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Camping Nights

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OK SM's and OA advisors, give me your thoughts.

 

Would you count one of the "spend the night on the aircraft carrier" or "spend the night in the museum" type of activities as a camping night for OA eligibility?  I'm leaning towards no, but checking to see what others may have done.

 

OA Chapter Adviser here - the bottom line is: it is the Scoutmaster's decision to make.  The OA qualifications do not mention specifics, and we aren't going to make up qualifications as we go.  Some will only count camping nights done in tents, other's will count nights done in "camping structures" like, cabins.  I don't know anyone who would count a hotel room stay, but who knows.

 

My son's scoutmaster asked me a similar question, and here is a paraphrase of his decision, basically, if there is a furnace, air conditioning, or indoor plumbing, it doesn't count, otherwise, it does.  I think this came up with because of a camp out where the scouts stayed in tree houses, not the fancy things you see on TV, more like a covered deck with some plywood walls and windows. 

 

I can go back further, when my troop as a youth spent a week sailing each patrol had its on yacht, and we counted that as camping.  Those boats were definitely more comfortable than the tree houses mentioned above.

 

If I were a scoutmaster, I would probably apply the same standard as my son's unless further clarification to national policy is made.  Basically, use some common sense.

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From the OA:  "Other than defining the length of time needed for a camping activity to be considered a long-term camp*, the National Order of the Arrow Committee leaves the interpretation of the camping requirement to the unit leader."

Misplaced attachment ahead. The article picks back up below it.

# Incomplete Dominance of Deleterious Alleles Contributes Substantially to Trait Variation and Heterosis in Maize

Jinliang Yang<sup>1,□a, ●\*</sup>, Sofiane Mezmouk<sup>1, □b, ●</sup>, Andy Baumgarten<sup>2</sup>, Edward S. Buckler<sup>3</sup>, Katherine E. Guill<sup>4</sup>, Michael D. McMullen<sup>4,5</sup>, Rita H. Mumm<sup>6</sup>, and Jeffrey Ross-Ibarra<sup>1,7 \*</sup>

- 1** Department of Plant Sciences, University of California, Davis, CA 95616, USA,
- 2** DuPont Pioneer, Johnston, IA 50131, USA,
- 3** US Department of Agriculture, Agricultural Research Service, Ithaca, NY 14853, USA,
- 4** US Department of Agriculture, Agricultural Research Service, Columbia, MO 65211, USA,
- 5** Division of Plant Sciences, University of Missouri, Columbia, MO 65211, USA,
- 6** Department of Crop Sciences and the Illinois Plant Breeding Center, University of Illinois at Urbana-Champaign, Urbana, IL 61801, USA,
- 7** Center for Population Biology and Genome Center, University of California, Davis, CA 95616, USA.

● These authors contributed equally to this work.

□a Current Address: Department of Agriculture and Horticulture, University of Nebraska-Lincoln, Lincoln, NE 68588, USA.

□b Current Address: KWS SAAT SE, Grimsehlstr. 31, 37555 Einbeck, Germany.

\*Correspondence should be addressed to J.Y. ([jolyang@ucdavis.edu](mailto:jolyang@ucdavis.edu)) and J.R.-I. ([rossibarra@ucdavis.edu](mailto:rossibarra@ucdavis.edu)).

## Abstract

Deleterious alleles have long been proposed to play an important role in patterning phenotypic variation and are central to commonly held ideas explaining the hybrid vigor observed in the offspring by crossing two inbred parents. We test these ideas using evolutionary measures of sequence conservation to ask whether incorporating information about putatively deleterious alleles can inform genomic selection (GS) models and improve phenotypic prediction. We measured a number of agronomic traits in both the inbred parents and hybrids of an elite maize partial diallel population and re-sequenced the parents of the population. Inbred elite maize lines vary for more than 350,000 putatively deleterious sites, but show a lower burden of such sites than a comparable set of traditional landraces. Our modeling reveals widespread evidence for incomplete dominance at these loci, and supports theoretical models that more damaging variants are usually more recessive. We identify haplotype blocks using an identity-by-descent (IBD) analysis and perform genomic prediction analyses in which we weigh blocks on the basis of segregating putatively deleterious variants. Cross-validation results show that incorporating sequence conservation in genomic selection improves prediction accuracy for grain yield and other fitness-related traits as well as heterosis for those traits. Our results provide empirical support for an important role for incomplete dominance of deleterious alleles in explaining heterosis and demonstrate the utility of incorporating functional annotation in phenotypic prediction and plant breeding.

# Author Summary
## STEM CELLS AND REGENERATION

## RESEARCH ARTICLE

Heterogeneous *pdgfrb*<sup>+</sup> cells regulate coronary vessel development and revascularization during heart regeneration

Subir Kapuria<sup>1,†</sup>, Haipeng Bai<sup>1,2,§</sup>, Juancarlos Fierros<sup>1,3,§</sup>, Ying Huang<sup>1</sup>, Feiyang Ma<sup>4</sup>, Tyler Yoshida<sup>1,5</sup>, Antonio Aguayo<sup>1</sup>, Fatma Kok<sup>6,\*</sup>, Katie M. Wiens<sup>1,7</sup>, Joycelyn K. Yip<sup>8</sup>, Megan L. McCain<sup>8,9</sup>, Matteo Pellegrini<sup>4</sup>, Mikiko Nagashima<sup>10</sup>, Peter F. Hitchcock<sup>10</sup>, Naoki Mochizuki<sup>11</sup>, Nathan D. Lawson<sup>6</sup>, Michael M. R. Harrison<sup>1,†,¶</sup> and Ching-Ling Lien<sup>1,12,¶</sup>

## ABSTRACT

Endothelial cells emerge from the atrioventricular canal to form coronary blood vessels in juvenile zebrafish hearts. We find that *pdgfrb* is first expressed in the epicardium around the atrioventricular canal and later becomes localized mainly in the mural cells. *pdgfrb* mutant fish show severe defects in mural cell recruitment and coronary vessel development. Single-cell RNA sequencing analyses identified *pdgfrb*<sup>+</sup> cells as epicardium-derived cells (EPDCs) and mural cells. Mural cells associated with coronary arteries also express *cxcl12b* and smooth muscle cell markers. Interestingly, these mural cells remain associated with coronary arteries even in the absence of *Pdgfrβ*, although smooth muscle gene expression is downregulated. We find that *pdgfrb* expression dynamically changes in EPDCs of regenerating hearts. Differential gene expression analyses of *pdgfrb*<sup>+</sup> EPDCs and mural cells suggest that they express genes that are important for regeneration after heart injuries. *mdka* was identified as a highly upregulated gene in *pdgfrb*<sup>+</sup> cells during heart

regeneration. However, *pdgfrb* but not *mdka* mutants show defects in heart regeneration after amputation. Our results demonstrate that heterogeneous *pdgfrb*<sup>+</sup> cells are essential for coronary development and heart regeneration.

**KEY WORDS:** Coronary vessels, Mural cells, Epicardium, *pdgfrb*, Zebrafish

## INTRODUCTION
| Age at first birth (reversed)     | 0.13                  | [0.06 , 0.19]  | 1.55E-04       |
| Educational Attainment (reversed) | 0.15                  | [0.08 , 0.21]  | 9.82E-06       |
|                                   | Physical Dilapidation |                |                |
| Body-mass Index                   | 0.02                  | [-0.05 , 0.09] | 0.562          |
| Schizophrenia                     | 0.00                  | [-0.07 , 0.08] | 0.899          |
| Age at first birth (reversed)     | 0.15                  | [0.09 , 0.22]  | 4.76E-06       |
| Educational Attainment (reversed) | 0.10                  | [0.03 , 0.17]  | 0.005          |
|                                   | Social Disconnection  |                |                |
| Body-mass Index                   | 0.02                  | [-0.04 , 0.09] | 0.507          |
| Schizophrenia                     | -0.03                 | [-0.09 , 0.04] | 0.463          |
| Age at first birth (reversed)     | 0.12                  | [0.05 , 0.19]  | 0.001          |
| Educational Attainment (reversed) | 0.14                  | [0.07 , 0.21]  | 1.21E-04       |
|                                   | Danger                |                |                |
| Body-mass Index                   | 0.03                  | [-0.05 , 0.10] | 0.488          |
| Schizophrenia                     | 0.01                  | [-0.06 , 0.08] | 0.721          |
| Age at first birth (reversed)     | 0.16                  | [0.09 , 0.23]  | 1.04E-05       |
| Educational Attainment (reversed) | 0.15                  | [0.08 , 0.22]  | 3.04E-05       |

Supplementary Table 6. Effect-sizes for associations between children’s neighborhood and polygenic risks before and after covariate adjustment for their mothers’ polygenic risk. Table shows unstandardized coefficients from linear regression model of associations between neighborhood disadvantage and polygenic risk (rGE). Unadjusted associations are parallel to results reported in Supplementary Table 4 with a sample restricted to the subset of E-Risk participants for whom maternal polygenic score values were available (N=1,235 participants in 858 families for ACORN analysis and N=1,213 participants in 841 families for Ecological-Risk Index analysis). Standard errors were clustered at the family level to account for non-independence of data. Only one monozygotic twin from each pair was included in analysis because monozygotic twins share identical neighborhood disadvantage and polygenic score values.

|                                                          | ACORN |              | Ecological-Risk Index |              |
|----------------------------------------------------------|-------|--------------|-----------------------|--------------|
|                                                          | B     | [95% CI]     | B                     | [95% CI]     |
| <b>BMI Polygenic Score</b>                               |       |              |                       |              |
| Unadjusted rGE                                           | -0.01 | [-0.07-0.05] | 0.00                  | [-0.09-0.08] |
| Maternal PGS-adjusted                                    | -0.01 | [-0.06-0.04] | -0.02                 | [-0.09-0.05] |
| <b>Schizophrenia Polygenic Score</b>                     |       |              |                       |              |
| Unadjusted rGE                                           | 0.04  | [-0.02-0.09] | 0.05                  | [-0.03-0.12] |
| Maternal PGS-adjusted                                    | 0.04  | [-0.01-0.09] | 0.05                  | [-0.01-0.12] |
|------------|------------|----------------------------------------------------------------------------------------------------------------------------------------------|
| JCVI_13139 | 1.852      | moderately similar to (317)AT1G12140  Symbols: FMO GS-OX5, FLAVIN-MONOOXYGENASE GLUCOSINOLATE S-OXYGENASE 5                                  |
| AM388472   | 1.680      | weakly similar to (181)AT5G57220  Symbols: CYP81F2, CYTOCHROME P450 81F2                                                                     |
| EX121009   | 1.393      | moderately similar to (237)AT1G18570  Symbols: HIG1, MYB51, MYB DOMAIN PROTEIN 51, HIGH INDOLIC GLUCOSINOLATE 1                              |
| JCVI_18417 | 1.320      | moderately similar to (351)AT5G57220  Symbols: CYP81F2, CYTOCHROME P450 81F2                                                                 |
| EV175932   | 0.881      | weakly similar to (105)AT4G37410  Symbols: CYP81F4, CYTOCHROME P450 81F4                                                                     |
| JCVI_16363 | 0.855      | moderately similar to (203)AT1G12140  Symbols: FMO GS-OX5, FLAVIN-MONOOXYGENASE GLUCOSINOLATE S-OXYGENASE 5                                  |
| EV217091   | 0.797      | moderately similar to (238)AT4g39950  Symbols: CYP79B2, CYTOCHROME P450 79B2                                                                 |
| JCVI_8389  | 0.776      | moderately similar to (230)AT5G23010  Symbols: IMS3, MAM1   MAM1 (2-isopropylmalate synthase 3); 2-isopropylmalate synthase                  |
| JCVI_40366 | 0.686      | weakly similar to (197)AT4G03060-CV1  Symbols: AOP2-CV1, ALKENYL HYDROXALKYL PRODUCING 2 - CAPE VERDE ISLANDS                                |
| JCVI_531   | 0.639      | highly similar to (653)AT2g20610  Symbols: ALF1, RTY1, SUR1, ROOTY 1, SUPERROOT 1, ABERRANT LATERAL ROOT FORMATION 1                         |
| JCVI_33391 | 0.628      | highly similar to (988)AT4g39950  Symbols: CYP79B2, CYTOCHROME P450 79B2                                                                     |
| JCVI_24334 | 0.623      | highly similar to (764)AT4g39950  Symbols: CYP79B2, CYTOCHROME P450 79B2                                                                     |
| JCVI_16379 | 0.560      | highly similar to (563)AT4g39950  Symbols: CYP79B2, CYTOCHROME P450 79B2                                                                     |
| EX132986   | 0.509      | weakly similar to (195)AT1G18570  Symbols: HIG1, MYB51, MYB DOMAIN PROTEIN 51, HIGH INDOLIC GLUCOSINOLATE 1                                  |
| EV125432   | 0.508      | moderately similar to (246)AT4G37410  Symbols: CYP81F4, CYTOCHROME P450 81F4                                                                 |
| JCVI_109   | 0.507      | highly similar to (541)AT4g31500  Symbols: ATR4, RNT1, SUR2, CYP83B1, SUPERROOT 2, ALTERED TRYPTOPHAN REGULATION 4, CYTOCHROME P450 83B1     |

Link to source.

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From the OA:  "Other than defining the length of time needed for a camping activity to be considered a long-term camp*, the National Order of the Arrow Committee leaves the interpretation of the camping requirement to the unit leader."

 

Link to source.

 

I knew that existed in writing somewhere, I just couldn't find it! 

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I knew that existed in writing somewhere, I just couldn't find it! 

 

We are still stuck with the term "camping" without definition.

 

Am I "camping" if I stay at a Holiday Inn? Indoors on a aircraft carrier? Indoors in a cabin?

 

The same source even says:

 

"Lodges are expected to plan a program and activities to support the purpose of the Order, the local council, and its units through outdoor program promotion and service. This includes the council resident camps, camp facilities, unit camping, Cub Scout outdoor experiences, and the Webelos-to-Scout plan."

 

Same doc, there's a great section on Camping Promotion (page 12) that talks all about camping and being outdoors.

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I agree with what Joseph said. It is up to the discretion of the SM. The OA reps are not going to go through the records of each scout nominated. 

 

If I go into a unit to facilitate an election and the scoutmaster gives me a list of names, I'm not going to question how the nights were earned or if they did them in the course of 24 months or if it was 25 months. I'm going to trust the scoutmaster won't send someone who is used to glamping in the Hilton to spend a weekend sleeping without a tent and doing arduous work. 

 

With that being said, don't you sleep on the deck of carriers? If that's the case, I would definitely count it. 

 

I have spent the night in a tent inside a sports arena. I wouldn't count that myself but if you go by the definition, it is a night spent in a tent that I pitched. ;) 

 

Ultimately I guess the fall back is the first point of the scout law. 

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With that being said, don't you sleep on the deck of carriers? If that's the case, I would definitely count it.